Skip to main content
Article thumbnail
Location of Repository

Individual differences in the perception of similarity and difference

By Sabrina Simmons and Zachary Estes


Thematically related concepts like coffee and milk are judged to be more similar than thematically unrelated concepts like coffee and lemonade. We investigated whether thematic relations exert a small effect that occurs consistently across participants (i.e., a generalized model), or a large effect that occurs inconsistently across participants (i.e., an individualized model). We also examined whether difference judgments mirrored similarity or whether these judgments were, in fact, non-inverse. Five studies demonstrated the necessity of an individualized model for both perceived similarity and difference, and additionally provided evidence that thematic relations affect similarity more than difference. Results suggest that models of similarity and difference must be attuned to large and consistent individual variability in the weighting of thematic relations.\u

Topics: BF
Publisher: Elsevier BV
OAI identifier:

Suggested articles


  1. (2002). A solution to Plato’s problem: The latent semantic analysis theory of the acquisition, induction, and representation of knowledge. doi
  2. (2003). A tale of two similarities: Comparison and integration in conceptual combination. doi
  3. (2007). Beyond common features: The role of roles in determining similarity. doi
  4. (1997). Birds of a feather flock together: Similarity judgments with semantically rich stimuli. doi
  5. (2001). Causes of taxonomic sorting by adults: A test of the thematic-totaxonomic shift. doi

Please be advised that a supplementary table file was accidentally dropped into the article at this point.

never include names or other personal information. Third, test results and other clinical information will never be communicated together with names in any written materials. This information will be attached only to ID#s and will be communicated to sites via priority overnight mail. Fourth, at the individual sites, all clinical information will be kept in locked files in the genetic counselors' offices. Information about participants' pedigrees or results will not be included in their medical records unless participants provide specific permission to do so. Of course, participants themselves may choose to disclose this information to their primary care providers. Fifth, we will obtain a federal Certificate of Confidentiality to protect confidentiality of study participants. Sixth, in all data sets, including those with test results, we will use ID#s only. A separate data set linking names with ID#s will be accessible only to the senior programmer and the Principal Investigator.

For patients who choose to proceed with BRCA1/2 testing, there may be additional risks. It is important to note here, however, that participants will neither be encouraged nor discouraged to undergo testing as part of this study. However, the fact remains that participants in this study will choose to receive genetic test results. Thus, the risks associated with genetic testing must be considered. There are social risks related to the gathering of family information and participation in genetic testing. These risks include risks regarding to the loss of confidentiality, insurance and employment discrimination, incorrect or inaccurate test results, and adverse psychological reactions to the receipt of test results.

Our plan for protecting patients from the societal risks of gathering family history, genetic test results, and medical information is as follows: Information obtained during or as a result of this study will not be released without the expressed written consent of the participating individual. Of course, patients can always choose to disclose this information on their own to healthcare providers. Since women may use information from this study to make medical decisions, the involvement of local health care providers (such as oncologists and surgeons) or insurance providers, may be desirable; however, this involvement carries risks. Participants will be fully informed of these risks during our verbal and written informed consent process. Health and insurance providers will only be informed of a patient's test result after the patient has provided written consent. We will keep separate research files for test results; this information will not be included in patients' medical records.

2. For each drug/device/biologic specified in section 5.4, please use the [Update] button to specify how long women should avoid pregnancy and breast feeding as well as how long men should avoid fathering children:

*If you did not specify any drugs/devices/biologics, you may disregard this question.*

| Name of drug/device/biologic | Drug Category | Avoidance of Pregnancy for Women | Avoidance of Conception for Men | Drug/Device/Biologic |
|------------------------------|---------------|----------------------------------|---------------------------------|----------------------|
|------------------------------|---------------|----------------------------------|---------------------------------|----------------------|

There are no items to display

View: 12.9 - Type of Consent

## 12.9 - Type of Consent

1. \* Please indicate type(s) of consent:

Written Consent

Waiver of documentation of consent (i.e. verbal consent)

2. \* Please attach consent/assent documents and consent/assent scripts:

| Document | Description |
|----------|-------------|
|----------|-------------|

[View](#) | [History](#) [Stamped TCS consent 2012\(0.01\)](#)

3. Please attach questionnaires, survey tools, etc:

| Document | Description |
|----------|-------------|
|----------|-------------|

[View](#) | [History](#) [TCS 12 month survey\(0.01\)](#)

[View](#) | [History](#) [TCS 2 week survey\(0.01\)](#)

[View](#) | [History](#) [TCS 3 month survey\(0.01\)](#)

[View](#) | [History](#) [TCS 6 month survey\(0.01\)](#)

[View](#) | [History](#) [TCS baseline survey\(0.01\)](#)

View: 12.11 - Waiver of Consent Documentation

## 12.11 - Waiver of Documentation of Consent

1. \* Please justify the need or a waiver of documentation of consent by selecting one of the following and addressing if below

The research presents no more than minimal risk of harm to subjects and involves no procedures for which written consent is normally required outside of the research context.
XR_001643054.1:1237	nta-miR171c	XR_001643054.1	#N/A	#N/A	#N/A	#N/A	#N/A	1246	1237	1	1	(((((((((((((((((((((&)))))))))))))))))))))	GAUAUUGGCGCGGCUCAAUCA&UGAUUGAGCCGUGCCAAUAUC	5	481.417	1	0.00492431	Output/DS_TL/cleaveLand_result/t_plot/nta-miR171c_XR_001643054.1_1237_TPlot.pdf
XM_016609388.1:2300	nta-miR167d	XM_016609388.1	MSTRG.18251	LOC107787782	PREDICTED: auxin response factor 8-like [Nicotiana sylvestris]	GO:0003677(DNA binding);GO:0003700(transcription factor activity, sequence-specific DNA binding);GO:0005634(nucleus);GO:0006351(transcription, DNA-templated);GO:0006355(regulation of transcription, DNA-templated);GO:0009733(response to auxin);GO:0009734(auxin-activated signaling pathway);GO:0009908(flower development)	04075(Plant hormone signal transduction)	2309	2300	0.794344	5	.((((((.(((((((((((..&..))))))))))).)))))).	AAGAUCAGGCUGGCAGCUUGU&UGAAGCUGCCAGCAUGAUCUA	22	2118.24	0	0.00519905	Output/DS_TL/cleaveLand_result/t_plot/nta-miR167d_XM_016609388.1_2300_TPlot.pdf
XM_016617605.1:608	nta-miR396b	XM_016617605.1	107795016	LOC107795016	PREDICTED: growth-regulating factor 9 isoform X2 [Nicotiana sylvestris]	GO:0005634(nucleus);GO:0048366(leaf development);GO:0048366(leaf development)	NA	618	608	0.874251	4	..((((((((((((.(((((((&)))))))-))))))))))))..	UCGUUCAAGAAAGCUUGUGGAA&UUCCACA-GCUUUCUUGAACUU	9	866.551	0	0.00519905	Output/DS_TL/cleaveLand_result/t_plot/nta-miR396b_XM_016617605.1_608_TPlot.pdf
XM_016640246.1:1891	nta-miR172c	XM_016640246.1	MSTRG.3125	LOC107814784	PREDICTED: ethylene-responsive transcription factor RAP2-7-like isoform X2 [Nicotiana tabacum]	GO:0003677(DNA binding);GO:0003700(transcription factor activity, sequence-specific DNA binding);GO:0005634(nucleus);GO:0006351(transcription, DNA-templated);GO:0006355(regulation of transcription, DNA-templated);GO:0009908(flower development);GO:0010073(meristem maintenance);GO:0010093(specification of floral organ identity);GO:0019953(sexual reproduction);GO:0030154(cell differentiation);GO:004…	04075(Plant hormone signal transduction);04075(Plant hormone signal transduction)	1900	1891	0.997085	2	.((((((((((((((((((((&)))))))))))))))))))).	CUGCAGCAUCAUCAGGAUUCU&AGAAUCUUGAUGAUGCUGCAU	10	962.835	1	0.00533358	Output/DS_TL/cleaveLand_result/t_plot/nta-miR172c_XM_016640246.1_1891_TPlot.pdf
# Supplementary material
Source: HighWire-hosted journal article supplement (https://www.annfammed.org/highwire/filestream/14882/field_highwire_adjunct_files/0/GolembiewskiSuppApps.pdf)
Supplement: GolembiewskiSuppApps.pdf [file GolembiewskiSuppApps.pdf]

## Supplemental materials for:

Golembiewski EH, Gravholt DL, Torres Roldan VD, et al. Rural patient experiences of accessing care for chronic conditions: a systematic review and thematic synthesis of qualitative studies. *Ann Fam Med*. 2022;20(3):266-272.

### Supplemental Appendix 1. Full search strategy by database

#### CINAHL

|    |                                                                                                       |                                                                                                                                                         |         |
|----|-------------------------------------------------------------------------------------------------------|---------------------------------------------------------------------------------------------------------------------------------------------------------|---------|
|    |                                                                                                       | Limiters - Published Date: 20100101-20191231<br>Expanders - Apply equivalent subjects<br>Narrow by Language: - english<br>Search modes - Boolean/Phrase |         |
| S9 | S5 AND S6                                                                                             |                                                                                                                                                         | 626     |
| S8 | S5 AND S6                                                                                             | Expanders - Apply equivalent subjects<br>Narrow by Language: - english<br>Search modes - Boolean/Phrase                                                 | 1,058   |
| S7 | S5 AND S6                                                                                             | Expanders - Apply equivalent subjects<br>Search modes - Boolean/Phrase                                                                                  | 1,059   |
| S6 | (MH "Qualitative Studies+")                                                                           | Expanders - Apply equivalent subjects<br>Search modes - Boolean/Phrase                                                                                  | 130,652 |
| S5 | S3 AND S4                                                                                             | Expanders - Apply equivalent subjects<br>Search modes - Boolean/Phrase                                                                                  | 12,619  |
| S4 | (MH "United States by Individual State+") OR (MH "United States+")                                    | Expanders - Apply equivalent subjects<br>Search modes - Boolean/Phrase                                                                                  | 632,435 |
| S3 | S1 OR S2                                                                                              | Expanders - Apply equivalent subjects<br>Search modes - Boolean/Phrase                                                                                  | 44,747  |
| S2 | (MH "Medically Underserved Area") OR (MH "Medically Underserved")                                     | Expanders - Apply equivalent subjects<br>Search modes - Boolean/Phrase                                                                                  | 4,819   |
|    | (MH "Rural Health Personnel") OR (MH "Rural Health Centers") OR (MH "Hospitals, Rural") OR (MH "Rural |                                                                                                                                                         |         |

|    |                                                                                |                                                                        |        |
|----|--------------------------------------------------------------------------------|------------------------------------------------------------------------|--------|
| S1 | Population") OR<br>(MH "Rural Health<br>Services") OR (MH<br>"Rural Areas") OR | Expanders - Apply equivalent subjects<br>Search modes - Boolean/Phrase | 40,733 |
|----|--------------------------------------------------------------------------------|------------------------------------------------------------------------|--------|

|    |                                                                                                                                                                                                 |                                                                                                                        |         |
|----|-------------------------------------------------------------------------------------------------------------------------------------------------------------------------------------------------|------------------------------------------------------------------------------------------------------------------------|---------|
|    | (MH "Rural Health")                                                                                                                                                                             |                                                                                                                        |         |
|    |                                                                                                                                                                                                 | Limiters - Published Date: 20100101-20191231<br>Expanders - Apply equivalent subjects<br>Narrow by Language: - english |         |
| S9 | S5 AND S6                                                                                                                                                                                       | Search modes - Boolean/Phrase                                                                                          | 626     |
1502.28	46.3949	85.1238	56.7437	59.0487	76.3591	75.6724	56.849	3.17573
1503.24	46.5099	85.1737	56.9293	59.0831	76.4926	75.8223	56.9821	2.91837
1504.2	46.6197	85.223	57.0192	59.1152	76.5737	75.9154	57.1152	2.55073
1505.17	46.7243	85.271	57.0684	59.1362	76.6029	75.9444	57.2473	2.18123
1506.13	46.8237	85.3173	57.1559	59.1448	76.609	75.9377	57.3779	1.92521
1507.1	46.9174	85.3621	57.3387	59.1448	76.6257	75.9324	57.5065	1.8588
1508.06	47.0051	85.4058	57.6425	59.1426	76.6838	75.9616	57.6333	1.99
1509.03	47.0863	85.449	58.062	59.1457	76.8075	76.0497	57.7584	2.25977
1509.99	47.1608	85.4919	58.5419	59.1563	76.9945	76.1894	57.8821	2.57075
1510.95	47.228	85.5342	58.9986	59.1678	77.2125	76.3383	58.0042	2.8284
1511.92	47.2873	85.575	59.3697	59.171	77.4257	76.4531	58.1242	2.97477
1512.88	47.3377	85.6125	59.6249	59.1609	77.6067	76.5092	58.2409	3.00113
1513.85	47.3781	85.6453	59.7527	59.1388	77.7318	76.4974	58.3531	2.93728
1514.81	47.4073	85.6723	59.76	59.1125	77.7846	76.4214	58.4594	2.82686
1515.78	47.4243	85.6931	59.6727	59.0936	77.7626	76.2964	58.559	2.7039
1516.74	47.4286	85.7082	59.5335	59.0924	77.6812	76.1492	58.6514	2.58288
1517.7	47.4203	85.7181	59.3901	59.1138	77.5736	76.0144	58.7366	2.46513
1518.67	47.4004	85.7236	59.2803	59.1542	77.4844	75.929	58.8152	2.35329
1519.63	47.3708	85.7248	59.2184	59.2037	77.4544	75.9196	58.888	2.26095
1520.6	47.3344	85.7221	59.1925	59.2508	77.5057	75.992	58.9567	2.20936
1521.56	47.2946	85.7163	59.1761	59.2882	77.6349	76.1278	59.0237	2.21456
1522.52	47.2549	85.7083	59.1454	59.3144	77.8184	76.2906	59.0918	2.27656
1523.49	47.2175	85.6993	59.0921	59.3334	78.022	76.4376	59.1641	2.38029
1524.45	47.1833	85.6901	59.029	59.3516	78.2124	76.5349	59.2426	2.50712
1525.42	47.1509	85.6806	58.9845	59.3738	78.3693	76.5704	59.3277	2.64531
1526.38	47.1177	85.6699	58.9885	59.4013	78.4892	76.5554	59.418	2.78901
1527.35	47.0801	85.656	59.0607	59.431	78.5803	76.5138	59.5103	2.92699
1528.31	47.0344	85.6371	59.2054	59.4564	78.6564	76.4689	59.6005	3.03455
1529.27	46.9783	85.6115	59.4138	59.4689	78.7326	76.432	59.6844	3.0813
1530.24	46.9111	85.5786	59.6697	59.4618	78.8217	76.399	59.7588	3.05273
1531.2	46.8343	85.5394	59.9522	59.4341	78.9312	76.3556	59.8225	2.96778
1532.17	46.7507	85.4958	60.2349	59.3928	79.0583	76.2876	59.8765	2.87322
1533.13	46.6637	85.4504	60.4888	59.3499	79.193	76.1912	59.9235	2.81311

6. (1984). Children’s sensitivity to constraints on word meaning: Taxonomic versus thematic relations. doi
  7. (2004). Common and distinctive features in stimulus similarity: A modified version of the contrast model. doi
  8. (1979). Conceptual preference for thematic or taxonomic relations: A nonmonotonic age trend from preschool to old age. doi
  9. (1982). Context-independent and context-dependent information in concepts. doi
  10. (1966). Effect of orientation and of shape similarity on perceptual grouping. doi
  11. (1977). Features of similarity. doi
  12. (2000). Information processing at successive stages of decision making: Need for cognition and inclusion–exclusion effects. Organizational Behavior and Human Decision Processes, doi
  13. (1989). Intraconcept similarity and its implications for interconcept similarity. doi
  14. (1999). Is snow really similar to a shovel? Distinguishing similarity from thematic relatedness.
  15. (2007). Metamorphosis: Essence, appearance and behavior in the categorization of natural kinds. doi
  16. (1991). Need for cognition, causal processing, and memory for behavior. doi
  17. (1993). Respects for similarity. doi
  18. (1990). Similarity involving attributes and relations: Judgments of similarity and difference are not inverses. doi
  19. (1993). Splitting the difference: A structural alignment view of similarity. doi
  20. (1994). Structural alignment in comparison: No difference without similarity. doi
  21. (1997). Structure mapping in analogy and similarity. doi
  22. (1984). The efficient assessment of need for cognition. doi
  23. (2004). The importance of being nonalignable: A critical test of the structural alignment theory of similarity. doi
  24. (1982). The need for cognition. doi
  25. (1994). The role of similarity in categorization: Providing a groundwork. doi
  26. (1998). The University of South Florida word association, rhyme, and word fragment norms. doi
  27. (2001). Thematic relations in adults’ concepts. doi
  28. (1984). Weighting common and distinctive features in conceptual and perceptual judgments. doi
  29. (1999). What makes a man similar to a tie? Stimulus compatibility with comparison and integration. doi

To submit an update or takedown request for this paper, please submit an Update/Correction/Removal Request.